Status Quo Side: Guatemala
Non-Status Quo Side: Castillo Armas exiles
Region: Western Hemisphere
Conflict Type: External Intervention
Issues in Dispute: Governance Strategic
The Communist movement, surfacing during the regime of Juan Jose Arevalo, strongly influenced the policies of his elected successor Jacobo Arbenz, who took office in March '51. His anti-US policies reinforced US fear of a possible Communist base in the Western Hemisphere.
Anti-Arbenz Guatemalan exiles under Col. Castillo Armas gathered in Honduras to plan an invasion. When the Organization of American States (OAS) Caracas conference failed to support multilateral intervention, the US through the CIA increased its support of Castillo. In May the arrival of Soviet-bloc weapons prompted a US-Honduras mutual assistance treaty (matching a recent one with Nicaragua) with arms deliveries to both. Fear of invasion prompted severe repression by the regime which forfeited public support, while the military urged Arbenz to reject his Communist supporters.
Castillo Armas attacked with 200-300 troops. Guatemala protested to a) the UN which called for a cease-fire and then deferred to b) the OAS which appointed a fact-finding mission, whose entry Arbenz refused. By June 26 the invaders, with clandestine US support, were threatening the capital, and the army approached the US for help in arranging a cease-fire. A strongly anti-Arbenz junta was eventually formed under Col. Elfego Monzon.
A cease-fire agreement was reached. Castillo Armas was elected to head the junta on July 8 and received US recognition on July 13, but the conflict between left and right that was to take 100,000 lives over 35 years continued in various forms.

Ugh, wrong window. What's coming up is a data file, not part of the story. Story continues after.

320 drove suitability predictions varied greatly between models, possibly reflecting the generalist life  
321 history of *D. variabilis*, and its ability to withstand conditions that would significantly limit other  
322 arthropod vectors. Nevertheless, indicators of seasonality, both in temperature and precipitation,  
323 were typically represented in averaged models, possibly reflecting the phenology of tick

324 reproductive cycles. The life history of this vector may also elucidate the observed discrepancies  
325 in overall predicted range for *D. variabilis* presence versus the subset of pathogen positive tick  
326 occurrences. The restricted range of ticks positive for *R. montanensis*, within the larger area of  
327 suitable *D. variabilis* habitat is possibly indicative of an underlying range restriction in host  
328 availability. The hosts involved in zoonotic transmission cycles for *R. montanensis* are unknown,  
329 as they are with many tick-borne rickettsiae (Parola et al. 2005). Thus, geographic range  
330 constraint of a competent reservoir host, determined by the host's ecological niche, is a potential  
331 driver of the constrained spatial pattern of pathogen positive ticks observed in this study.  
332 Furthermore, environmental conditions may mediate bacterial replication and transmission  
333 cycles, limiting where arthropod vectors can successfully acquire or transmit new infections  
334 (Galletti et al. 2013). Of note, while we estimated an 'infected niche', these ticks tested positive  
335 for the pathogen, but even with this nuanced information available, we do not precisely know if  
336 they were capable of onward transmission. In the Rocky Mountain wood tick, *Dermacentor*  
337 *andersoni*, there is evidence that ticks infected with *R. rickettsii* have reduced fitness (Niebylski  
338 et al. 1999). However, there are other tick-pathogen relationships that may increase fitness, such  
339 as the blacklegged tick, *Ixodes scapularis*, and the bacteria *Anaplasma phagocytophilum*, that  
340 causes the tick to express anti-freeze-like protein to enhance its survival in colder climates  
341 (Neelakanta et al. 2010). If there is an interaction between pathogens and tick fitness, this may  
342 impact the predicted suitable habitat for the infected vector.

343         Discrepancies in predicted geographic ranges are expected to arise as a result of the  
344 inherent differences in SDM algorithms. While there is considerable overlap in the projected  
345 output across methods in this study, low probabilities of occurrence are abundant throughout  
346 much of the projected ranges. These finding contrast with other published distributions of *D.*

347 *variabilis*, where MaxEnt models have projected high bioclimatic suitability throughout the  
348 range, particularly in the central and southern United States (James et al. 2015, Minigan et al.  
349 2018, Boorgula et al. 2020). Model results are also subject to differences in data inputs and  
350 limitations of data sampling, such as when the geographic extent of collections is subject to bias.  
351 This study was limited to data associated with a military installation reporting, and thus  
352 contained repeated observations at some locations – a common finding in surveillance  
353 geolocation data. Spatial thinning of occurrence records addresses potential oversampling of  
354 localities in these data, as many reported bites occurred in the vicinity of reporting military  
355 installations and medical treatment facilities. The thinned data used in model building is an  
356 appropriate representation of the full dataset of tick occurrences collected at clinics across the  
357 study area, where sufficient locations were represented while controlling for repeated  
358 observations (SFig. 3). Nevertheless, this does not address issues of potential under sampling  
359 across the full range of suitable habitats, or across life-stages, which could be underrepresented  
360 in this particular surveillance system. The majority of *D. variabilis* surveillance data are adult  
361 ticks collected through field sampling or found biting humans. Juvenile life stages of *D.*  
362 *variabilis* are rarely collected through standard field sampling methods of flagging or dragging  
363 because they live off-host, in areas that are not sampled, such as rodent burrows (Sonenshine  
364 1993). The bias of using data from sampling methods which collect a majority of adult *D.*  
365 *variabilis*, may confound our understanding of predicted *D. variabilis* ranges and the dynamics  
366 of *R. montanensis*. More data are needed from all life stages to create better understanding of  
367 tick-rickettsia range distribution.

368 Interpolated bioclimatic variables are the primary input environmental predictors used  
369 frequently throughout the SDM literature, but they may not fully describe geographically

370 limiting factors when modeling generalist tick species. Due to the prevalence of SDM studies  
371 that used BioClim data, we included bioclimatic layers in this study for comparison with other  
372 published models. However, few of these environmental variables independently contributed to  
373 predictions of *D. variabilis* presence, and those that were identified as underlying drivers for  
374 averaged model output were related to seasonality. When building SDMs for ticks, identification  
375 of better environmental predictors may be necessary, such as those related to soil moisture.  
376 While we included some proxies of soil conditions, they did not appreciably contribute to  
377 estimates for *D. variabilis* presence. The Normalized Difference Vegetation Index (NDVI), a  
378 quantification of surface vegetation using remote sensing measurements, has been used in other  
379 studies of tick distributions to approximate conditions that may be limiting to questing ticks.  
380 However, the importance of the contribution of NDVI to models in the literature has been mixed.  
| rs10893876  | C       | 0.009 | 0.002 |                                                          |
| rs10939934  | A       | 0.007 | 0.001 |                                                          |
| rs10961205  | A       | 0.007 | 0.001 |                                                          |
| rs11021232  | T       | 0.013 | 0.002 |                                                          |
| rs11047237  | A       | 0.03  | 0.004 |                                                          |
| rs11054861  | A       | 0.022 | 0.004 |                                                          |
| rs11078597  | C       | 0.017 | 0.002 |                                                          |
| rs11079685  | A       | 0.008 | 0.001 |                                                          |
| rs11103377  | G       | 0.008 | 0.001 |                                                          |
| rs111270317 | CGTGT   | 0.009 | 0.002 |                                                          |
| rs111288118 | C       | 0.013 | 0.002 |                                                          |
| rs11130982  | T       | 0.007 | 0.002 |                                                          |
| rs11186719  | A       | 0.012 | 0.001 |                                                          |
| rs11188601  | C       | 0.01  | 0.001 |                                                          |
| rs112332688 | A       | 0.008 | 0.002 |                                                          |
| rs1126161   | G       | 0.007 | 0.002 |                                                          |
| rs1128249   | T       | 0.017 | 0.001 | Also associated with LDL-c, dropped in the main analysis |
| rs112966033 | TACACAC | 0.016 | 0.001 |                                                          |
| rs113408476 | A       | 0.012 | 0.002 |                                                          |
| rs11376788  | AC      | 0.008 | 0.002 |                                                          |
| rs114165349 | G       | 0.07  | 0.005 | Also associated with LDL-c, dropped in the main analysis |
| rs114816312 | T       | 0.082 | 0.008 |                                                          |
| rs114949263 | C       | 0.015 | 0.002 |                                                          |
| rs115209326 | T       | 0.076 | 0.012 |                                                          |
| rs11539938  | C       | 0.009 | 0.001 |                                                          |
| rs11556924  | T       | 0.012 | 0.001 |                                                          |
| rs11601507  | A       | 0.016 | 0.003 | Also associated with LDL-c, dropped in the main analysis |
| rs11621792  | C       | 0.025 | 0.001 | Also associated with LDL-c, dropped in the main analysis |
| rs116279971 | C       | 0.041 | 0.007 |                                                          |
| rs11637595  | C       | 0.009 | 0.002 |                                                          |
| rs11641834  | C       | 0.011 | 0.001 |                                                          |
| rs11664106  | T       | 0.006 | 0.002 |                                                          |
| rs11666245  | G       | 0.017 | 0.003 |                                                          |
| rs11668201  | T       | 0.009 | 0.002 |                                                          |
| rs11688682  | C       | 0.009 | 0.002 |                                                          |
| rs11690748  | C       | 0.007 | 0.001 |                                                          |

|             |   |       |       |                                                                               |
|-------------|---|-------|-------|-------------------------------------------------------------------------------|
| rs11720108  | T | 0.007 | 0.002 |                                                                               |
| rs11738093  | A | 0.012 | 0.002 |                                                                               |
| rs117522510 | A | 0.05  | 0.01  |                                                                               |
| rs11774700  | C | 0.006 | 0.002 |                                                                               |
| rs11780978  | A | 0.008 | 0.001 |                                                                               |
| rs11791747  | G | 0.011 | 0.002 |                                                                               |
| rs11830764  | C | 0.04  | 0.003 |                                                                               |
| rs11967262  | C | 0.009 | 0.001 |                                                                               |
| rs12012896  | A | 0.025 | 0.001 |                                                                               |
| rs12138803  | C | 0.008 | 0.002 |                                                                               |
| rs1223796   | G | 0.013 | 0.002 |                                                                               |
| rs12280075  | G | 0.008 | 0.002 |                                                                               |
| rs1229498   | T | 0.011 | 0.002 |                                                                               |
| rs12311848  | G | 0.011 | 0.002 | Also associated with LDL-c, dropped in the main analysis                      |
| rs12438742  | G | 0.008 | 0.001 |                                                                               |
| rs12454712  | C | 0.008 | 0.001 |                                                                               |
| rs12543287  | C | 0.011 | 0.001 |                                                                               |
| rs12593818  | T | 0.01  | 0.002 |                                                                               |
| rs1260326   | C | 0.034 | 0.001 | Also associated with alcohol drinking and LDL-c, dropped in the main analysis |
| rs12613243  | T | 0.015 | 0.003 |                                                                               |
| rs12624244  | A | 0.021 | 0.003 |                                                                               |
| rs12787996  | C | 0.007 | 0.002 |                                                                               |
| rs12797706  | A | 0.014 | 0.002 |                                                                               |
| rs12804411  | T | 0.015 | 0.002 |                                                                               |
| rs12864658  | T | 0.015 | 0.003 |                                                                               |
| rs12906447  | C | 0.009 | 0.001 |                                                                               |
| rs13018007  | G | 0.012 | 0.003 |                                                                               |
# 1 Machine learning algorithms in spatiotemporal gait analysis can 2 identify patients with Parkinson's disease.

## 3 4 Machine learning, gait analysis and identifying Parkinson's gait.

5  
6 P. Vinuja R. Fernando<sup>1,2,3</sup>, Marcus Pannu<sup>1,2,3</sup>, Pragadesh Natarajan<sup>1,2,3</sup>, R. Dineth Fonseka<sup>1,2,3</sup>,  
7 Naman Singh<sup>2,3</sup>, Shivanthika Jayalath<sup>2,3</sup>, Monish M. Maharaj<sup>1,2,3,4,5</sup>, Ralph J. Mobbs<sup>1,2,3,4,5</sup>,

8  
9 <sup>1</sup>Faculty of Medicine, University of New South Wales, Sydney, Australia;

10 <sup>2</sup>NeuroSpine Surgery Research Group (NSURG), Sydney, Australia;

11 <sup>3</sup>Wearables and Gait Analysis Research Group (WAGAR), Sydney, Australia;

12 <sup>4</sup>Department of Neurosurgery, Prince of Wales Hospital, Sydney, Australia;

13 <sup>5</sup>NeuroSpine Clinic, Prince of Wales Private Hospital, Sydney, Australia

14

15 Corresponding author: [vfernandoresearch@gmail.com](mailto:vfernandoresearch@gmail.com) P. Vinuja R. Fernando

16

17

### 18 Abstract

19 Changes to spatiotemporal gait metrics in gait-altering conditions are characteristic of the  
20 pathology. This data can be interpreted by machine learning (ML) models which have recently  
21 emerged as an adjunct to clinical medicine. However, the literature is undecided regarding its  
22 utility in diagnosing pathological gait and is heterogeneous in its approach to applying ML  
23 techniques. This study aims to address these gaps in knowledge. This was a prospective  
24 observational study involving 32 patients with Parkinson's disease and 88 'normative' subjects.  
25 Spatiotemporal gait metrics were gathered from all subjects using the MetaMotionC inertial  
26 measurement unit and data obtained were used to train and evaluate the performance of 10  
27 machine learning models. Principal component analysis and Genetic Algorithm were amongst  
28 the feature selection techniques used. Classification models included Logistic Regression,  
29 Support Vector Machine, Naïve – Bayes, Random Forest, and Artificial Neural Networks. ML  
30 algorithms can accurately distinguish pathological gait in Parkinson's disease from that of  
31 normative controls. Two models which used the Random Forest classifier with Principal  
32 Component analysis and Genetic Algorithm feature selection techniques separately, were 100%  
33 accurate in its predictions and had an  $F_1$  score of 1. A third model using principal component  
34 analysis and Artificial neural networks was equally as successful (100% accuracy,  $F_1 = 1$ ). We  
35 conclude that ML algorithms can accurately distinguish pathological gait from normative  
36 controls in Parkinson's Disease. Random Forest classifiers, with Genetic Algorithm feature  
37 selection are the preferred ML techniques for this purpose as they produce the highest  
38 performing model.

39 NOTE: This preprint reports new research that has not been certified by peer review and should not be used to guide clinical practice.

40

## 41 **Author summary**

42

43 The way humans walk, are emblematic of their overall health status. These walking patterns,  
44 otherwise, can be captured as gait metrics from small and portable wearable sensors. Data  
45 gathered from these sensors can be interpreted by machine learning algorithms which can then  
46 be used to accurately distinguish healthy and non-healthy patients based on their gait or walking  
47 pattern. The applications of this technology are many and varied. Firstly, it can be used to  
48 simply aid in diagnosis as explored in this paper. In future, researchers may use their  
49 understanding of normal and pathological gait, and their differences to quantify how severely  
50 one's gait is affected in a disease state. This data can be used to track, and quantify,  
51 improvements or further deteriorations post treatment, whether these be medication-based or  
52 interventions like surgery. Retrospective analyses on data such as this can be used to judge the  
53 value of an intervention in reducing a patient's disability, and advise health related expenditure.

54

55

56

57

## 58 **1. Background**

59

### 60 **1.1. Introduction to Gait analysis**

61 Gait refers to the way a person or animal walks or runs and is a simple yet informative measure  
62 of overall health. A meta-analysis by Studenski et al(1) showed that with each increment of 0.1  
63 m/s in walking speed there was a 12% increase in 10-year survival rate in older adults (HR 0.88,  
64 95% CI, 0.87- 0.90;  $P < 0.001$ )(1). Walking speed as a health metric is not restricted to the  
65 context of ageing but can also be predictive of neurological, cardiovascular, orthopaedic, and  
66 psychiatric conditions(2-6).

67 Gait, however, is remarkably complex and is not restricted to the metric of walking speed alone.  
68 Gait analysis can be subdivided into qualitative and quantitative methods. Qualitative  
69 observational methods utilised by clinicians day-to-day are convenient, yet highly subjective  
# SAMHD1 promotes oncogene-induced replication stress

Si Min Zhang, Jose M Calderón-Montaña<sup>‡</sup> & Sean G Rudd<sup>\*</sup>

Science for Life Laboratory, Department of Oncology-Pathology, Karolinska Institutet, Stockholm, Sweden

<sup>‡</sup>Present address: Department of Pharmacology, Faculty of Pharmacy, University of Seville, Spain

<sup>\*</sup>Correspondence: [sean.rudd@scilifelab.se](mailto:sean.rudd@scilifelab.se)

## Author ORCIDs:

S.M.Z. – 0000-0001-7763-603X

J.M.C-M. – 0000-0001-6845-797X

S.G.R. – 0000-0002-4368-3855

Efforts to end the conflict and confront its root causes accelerated in the 1990's. In 1992 the Nobel Peace Prize was awarded to Mayan activist Rigoberta Menchu. In March 1996 Newly-elected president Alvaro Arzu ordered an end to offensive operations and the rebel URMG avoided clashes. Following mediation in Oslo by the so-called Group of Friends of the Guatemalan Peace Process, on December 4 the government and rebel leaders formally renounced the use of arms.
A peace treaty was signed promising to end conflict-breeding discrimination against Guatemala's 60 percent Mayan population, plus reduction in the power of the often-brutal army and creation of a Truth Commission.
In February, 1999 the Truth Commission attributed the vast majority of the civil war's 150,000 deaths to the Guatemalan Army. In March, US President Clinton acknowledged the US role in a "dark and painful period", and Jorge Ismael Soto, who led the Guatemalan National Revolutionary Unity rebels, apologized for the abuses it committed during the 36-year civil war.
Copyright © 2000 Lincoln P. Bloomfield and Allen Moulton